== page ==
39

Have her chip in for the regular expenses, utilities, food, etc., and a bit for "rent." Then tell her to be sure to deposit to her retirement account, preferably a matched 401(k). It's admirable to want her to build 'equity' but it's pretty convoluted. You can't actually give her ownership, and in the event you break up (I know you won't, but this is to ...


16

There is no simple, legally reasonable, way for her to build equity by helping out with your mortgage, without her having a claim to your mortgage. The only 'equitable' thing she can do is rent from you. If you want her to be building equity, have her start and fund a brokerage account for herself. If you have an affinity for real estate, have her buy ...


8

I agree with everyone who has simply told you 'Dont' and 'You can't' and add a few more considerations that you don't want to deal with: Any rental payments towards the loan expense you collect from your girlfriend must be reported on your tax return as income, usually as a 1099 which adds to your marginal tax rate. You say you've purchased an 'apartment', ...


5

all the other answers are spot on, but look at it this way. really all you mean when you say "building equity" is "accumulating wealth". if that is the goal, then having her invest the money in a brokerage (e.g. ira) account makes a lot more sense. if you can't afford the apartment without her, then you can't afford to pay out her portion of the equity in ...


3

I'm glad that you feel like being fair and equitable to your party. Other answerers are, of course, correct that being fair and equitable to your girlfriend is not in your best interests but that's not what you're trying to do here and I commend you for it. There is nothing that stops you drawing up a simple legal contract giving your girlfriend a share of ...


3

In Ontario, common law marriage requires 3 years of cohabitation, and doesn't give rights to property (which remains separate). I'd say in your situation you can still file as single, but I'd suggest asking your tax accountant to be sure.


2

Have her pay something like a friendly monthly rent. This should be less than half of the monthly mortgage cost, since you are assuming the risk (and benefits) of a mortgage and closer to the rent of similar places near you. For when you get married and she is to have half the apartment, have a pre-agreed way to calculate a lump-sum that she needs to ...


2

A 30-yr mortgage IS a committment. So, you are willing to commit to a place, but not your long-term girlfriend??? Either you don't do this "cheap" scheme idea, or you set up as a business arrangement, or you get married. This is quite a laissez-faire statement you make... "Maybe we will eventually get married, maybe we will eventually break up, who knows."...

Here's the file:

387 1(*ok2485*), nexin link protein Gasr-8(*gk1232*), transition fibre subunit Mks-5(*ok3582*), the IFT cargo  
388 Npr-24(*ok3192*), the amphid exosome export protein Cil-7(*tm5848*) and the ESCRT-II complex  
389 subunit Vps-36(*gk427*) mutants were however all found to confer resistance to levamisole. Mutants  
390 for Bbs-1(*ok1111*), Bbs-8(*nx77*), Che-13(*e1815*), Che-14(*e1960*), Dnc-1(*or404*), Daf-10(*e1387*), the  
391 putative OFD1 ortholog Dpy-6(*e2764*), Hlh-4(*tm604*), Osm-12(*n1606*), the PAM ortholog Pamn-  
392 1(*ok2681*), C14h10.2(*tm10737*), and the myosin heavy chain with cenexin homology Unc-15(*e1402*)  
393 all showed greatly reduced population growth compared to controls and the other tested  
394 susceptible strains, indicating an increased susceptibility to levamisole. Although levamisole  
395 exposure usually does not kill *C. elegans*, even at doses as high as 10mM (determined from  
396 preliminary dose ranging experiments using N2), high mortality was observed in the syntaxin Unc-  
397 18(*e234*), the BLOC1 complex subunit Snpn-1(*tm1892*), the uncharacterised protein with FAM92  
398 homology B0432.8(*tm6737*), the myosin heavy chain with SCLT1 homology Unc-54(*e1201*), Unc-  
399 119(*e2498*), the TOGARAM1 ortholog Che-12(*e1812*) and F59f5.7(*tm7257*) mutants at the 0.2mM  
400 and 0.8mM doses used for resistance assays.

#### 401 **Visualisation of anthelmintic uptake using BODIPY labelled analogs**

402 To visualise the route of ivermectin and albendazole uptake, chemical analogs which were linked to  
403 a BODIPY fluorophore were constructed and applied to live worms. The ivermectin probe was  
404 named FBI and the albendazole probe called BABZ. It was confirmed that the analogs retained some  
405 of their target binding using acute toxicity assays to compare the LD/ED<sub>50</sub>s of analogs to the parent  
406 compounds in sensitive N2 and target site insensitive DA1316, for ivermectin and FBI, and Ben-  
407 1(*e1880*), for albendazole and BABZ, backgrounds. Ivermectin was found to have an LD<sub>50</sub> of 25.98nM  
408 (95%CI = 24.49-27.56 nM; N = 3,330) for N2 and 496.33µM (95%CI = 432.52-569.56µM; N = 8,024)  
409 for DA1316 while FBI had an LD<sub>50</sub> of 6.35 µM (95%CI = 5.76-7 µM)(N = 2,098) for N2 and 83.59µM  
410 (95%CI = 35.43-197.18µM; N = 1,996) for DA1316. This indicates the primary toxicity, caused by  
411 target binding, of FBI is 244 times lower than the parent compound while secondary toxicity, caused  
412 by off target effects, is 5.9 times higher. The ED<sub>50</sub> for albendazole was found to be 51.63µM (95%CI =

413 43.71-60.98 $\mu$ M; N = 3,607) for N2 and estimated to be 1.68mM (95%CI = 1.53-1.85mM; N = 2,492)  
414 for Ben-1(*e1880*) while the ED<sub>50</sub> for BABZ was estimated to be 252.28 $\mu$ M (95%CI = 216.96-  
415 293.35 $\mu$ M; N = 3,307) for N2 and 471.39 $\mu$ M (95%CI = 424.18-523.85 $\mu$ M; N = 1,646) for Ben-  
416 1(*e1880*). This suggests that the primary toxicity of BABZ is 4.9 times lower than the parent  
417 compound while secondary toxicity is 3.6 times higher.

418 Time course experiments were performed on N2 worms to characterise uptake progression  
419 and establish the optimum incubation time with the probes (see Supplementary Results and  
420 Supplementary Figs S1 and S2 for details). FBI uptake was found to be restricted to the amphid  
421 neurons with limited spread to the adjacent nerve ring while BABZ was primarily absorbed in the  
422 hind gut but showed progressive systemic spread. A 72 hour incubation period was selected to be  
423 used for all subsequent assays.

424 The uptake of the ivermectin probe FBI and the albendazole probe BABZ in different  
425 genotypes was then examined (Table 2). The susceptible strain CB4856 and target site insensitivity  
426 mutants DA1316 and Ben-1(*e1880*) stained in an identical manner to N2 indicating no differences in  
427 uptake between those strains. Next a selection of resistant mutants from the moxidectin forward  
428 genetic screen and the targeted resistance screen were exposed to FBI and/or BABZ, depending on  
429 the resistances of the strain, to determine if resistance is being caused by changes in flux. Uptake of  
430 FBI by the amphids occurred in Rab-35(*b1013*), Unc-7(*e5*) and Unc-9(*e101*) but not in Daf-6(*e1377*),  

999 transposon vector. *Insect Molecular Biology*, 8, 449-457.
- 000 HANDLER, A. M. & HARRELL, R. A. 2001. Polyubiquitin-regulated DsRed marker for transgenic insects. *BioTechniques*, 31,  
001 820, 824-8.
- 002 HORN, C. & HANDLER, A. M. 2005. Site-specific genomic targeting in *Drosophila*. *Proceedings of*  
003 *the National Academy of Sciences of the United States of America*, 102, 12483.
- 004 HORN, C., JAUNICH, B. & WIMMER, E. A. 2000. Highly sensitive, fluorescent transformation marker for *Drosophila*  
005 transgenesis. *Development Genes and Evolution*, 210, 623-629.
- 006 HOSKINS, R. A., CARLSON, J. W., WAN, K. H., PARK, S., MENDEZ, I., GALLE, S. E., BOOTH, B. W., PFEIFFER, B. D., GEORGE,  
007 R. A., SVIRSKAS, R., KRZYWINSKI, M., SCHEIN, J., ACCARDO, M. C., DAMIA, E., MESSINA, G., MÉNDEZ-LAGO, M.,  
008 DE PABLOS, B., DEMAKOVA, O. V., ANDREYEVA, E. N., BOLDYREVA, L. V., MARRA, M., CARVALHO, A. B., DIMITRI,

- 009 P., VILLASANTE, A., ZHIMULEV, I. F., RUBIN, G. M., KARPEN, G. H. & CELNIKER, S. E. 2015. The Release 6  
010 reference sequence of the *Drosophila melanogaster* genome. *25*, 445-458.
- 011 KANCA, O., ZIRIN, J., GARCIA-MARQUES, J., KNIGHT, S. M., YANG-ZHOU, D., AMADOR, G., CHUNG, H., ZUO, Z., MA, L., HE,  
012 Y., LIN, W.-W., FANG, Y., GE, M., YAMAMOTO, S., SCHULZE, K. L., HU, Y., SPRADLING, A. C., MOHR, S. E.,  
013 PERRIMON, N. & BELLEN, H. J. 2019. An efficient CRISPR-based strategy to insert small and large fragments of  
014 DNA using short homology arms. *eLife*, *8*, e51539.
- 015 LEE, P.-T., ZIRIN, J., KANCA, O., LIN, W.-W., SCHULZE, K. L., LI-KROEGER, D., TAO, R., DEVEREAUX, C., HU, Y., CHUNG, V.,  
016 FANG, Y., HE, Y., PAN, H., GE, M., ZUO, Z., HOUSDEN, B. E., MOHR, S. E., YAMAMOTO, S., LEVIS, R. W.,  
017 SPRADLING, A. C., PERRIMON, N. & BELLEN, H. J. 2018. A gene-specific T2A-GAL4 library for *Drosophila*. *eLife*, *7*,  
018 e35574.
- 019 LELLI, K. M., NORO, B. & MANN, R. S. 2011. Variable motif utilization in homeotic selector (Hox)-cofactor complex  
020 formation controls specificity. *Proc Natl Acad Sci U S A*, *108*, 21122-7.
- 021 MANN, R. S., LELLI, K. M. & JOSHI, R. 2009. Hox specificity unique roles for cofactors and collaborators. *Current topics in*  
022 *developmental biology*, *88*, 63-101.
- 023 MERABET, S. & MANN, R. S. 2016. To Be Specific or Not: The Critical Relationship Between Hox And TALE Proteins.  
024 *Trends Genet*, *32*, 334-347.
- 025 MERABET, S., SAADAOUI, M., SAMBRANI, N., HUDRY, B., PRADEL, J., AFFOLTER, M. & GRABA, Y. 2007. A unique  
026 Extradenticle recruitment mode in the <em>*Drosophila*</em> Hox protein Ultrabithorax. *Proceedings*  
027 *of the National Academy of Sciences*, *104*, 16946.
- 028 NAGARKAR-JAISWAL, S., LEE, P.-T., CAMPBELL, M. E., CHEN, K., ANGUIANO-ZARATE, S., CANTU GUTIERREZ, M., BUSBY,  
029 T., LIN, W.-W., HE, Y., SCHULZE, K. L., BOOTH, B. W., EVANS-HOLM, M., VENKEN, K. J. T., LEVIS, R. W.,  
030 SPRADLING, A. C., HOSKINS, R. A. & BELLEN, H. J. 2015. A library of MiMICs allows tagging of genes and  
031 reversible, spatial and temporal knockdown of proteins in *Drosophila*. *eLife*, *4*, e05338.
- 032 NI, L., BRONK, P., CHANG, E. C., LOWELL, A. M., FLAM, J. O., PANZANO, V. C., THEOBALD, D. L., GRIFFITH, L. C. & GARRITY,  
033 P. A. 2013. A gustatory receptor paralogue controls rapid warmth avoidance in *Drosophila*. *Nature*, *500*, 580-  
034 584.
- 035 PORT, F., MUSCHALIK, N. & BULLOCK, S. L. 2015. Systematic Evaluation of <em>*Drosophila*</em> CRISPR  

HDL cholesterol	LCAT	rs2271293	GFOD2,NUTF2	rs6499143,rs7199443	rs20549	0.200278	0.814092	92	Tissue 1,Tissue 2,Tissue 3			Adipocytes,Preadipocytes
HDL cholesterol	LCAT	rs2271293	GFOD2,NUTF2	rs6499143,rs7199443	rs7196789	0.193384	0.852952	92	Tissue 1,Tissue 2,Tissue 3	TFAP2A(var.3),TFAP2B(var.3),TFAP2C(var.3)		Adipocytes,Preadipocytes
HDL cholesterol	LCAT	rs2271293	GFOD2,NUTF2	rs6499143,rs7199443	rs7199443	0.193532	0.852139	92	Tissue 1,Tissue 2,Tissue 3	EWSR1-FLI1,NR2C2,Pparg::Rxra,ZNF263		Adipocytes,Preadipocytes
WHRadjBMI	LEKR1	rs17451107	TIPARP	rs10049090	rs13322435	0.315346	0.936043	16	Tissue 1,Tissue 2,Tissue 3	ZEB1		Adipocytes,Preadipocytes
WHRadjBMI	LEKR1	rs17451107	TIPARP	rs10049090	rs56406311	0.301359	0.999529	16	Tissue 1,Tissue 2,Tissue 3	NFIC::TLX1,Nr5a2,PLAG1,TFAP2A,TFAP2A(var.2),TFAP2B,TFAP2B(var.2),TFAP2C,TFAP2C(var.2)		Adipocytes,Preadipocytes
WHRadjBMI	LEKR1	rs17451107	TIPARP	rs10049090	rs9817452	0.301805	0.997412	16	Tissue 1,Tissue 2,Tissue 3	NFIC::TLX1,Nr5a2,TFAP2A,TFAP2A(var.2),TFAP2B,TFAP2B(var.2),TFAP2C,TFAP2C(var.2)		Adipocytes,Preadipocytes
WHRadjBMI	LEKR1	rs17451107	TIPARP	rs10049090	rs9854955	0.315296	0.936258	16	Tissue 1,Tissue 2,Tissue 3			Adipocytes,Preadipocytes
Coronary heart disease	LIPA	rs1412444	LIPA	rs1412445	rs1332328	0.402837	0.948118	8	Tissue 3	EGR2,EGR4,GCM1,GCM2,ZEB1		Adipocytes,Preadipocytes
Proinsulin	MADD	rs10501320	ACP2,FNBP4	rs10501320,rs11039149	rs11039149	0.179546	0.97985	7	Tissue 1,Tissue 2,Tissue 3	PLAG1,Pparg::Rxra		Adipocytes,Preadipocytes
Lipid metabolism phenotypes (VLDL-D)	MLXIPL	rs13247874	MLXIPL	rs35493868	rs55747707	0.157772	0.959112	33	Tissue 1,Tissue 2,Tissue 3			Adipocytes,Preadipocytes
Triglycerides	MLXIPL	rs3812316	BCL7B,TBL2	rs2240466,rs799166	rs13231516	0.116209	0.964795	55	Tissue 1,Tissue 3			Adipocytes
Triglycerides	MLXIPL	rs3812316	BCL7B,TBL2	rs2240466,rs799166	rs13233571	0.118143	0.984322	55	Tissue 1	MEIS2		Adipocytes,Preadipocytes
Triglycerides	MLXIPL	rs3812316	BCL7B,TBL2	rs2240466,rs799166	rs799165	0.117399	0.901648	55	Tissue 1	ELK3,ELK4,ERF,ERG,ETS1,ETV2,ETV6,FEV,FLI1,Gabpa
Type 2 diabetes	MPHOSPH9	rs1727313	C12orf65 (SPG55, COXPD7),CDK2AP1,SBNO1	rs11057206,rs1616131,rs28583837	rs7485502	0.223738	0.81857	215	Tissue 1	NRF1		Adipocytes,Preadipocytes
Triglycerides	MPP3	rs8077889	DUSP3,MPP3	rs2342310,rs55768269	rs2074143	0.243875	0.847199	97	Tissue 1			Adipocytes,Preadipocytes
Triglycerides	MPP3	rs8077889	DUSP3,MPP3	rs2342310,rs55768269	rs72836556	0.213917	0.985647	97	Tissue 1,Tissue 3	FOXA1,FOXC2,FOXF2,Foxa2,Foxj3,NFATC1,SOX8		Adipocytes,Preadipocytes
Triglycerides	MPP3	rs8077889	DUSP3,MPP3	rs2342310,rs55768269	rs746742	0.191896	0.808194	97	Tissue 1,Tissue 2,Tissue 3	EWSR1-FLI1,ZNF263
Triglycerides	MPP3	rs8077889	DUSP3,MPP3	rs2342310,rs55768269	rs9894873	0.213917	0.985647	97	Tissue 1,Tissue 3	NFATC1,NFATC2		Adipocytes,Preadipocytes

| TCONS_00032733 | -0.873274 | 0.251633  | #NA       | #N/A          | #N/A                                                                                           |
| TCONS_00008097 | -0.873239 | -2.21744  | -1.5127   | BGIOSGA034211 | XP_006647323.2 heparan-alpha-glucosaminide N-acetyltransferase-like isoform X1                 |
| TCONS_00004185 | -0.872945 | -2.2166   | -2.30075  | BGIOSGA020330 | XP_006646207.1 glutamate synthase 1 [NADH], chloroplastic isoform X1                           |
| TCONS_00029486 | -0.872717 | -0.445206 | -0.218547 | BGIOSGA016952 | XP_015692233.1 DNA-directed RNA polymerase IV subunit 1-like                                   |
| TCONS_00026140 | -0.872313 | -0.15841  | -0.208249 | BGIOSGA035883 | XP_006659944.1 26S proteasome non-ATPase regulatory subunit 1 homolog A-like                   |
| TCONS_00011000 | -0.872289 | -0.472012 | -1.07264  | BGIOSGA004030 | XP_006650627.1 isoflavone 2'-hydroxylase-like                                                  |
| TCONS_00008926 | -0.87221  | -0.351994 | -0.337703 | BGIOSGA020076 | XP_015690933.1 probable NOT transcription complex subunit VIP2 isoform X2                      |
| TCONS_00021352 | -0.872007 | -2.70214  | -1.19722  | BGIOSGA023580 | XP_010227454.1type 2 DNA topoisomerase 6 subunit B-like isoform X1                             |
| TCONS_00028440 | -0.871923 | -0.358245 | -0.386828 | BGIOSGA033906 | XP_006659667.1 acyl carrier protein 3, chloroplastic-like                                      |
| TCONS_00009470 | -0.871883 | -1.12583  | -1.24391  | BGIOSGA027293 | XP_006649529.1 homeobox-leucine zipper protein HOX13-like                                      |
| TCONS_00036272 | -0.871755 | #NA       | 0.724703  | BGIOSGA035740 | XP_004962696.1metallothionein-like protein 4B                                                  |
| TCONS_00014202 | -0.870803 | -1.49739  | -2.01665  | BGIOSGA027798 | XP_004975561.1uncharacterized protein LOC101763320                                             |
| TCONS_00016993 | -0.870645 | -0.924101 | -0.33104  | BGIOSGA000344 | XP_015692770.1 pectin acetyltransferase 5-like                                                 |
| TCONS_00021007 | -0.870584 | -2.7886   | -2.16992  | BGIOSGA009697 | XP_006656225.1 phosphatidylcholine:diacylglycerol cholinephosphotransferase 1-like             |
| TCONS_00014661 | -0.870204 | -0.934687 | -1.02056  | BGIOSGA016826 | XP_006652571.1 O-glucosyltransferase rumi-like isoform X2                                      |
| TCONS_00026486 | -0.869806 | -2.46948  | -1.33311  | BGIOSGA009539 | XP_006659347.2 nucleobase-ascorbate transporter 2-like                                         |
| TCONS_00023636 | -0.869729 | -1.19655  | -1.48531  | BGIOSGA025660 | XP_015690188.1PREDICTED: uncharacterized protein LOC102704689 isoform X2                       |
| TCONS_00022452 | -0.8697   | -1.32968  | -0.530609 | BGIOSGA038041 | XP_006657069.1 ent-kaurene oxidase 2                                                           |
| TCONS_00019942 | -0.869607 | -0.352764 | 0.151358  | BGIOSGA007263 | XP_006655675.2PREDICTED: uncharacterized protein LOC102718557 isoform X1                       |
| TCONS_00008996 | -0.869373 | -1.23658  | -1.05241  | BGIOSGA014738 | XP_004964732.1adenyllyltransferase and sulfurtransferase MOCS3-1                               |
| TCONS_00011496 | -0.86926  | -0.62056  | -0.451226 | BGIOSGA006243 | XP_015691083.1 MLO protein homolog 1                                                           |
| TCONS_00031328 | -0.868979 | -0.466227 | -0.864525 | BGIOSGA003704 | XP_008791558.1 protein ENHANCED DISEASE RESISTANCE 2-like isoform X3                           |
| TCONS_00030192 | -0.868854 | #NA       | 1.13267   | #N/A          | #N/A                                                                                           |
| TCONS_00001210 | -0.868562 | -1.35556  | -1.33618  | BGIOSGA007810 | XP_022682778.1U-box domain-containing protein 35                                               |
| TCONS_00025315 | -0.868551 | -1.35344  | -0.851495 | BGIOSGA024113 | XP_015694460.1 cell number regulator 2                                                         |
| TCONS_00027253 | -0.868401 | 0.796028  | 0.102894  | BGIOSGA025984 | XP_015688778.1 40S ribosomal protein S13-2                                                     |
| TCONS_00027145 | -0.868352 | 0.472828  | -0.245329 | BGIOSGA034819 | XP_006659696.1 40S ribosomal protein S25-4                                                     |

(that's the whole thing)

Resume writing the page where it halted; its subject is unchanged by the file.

2

There is no issue - and no question - if you get married. The question is only relevant in the event that you go separate ways. Should that happen, you imply that you would want to refund whatever amount your girlfriend has paid toward the mortgage. The solution, then, would seem to be to exempt her from any payments, as you will either give that money ...


1

I just wanted to give you a different perspective, as I own a house (purchased with a mortgage), with my girlfriend. I think it can be done safely and fairly, but you do need to involve legal help to do it right. There really is nothing to be terrified about, the extra cost to set this up was almost irrelevant in the bigger picture of legal costs around ...


1

If you pay her rent, how do you differ from a tenant in the eyes of the law? I ask this to show that you are in a business relationship first and foremost. If you don't want to file jointly, there is nothing compelling about your situation to force it. (Grant you, in most countries, there is a benefit to filing jointly) but here, I would argue it would be ...


1

I am not a lawyer. You will want to seek legal advice here, as my response should not be relied upon. You have not yet specified a province and the rules differ from province to province, and are likely significantly different in Quebec; I think Quebec does not recognise common-law couples. The person with the savings account would not be held responsible ...


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